State Rep. Rob Nosse wanted to check to make sure he understood.

“The way I’ve sort of sound-bited this presentation so far … is: Things are awesome, but maybe a recession is coming,” Nosse, D-Portland, said Wednesday during a joint hearing of the House and Senate revenue committees.

Mark McMullen, the state’s top economist, hesitated for a moment before answering: “You know, I think that would be fair.”

McMullen was in the middle of unveiling the state’s latest forecast on taxes that will come into state coffers by the end of the current budget biennium next June, and also to preview how the next two-year budget cycle might play out. And as in the last two-such forecasts, he had good news.

McMullen and state senior economist Josh Lehner now say the state stands to collect more than $75 million more in general fund and lottery resources than expected in the last forecast, unveiled in late August.

That means Oregon taxpayers stand to get a larger tax break. Oregon’s Office of Economic Analysts now expects the state to reward a $724 million kicker, the second largest ever in terms of dollar amount.

Oregon’s unique kicker law refunds personal income taxes collected above initial revenue projections, if revenue comes in more than 2 percent above those projections.

It far overshot that mark. The new forecast expects Oregon will collect $657.3 million more in personal income taxes than expected in its initial forecast last year. Between all general fund and lottery resources, the Office of Economic Analysis says Oregon could collect $1.3 billion more than expected.

The office in May had predicted a $555 million kicker to taxpayers, then revised that number up to $686 million in its last forecast. But the revenue picture has only grown rosier.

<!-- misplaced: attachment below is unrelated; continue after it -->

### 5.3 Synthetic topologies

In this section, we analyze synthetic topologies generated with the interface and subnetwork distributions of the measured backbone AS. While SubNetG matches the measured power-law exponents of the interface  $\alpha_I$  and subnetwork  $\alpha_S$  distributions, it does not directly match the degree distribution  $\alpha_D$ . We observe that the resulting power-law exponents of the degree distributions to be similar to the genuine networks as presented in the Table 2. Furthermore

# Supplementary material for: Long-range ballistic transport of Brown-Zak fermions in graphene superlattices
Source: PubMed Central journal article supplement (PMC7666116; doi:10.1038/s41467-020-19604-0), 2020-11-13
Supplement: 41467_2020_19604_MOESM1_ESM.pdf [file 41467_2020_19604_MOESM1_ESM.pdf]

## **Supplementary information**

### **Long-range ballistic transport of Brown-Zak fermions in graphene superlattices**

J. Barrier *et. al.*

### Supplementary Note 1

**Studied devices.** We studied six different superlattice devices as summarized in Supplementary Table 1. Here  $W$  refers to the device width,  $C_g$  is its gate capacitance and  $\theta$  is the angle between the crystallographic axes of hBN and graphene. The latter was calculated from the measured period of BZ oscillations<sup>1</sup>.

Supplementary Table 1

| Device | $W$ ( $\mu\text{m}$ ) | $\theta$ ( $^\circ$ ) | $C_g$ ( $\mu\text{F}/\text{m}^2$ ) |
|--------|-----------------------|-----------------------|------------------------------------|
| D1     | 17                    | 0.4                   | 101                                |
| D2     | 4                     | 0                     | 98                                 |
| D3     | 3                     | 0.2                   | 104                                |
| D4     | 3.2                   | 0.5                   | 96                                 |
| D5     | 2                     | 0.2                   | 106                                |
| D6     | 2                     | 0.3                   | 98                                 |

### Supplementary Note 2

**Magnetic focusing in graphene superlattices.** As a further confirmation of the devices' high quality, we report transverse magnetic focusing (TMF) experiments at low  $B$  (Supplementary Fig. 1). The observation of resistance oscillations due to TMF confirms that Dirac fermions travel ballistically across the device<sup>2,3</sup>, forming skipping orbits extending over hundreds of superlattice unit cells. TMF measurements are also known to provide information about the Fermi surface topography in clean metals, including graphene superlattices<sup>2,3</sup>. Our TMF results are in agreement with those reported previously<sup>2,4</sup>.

That’s got McMullen and Lehner a bit nervous.

“We’ve just been seeing revenue come in over the last several months far faster than would be expected given the underlying economic indicators,” McMullen told legislators. “We’re also seeing a tremendous amount of wage growth.”

The problem, he said, is figuring out what that means. Some segment of taxpayers are likely paying taxes earlier than expected because of changes to the federal tax code, McMullen believes. But puzzling out what segment of the unexpected revenues are due to timing, and which are due to a booming economy is tricky.

Wednesday’s forecast also has bearing on next biennium’s budget, which Gov. Kate Brown will propose later this month.

The state is expected to face funding shortfalls that could top $1 billion in the 2019-21 biennium, with much of that money from an anticipated $830 million hole in funding for the Oregon Health Plan. Formal proposals for filling the hole have so far been scarce, though increased taxes on tobacco and a continuation of sunsetting taxes on health care providers have been discussed.

The new forecast suggests lawmakers will have a better starting point than expected. It anticipates the state will have nearly $60 million more in the bank to begin the budget, and will reap more than expected in general fund revenues ($54 million), lottery revenue ($12.4 million), and recreational cannabis taxes ($20.3 million).

As they have in past presentations, McMullen and Lehner urged caution for the years ahead. They say a variety of factors, largely on the national level, are likely to slow Oregon’s economic growth — perhaps as early as 2020.

As a result of this, the latest forecast predicts state revenues will grow by just 3.4 percent in the next biennium, far lower than the double-digit increases Oregon has enjoyed for nearly a decade.

“We have a lot of factors working to slow growth,” Lehner said. “The question is how much it will slow.”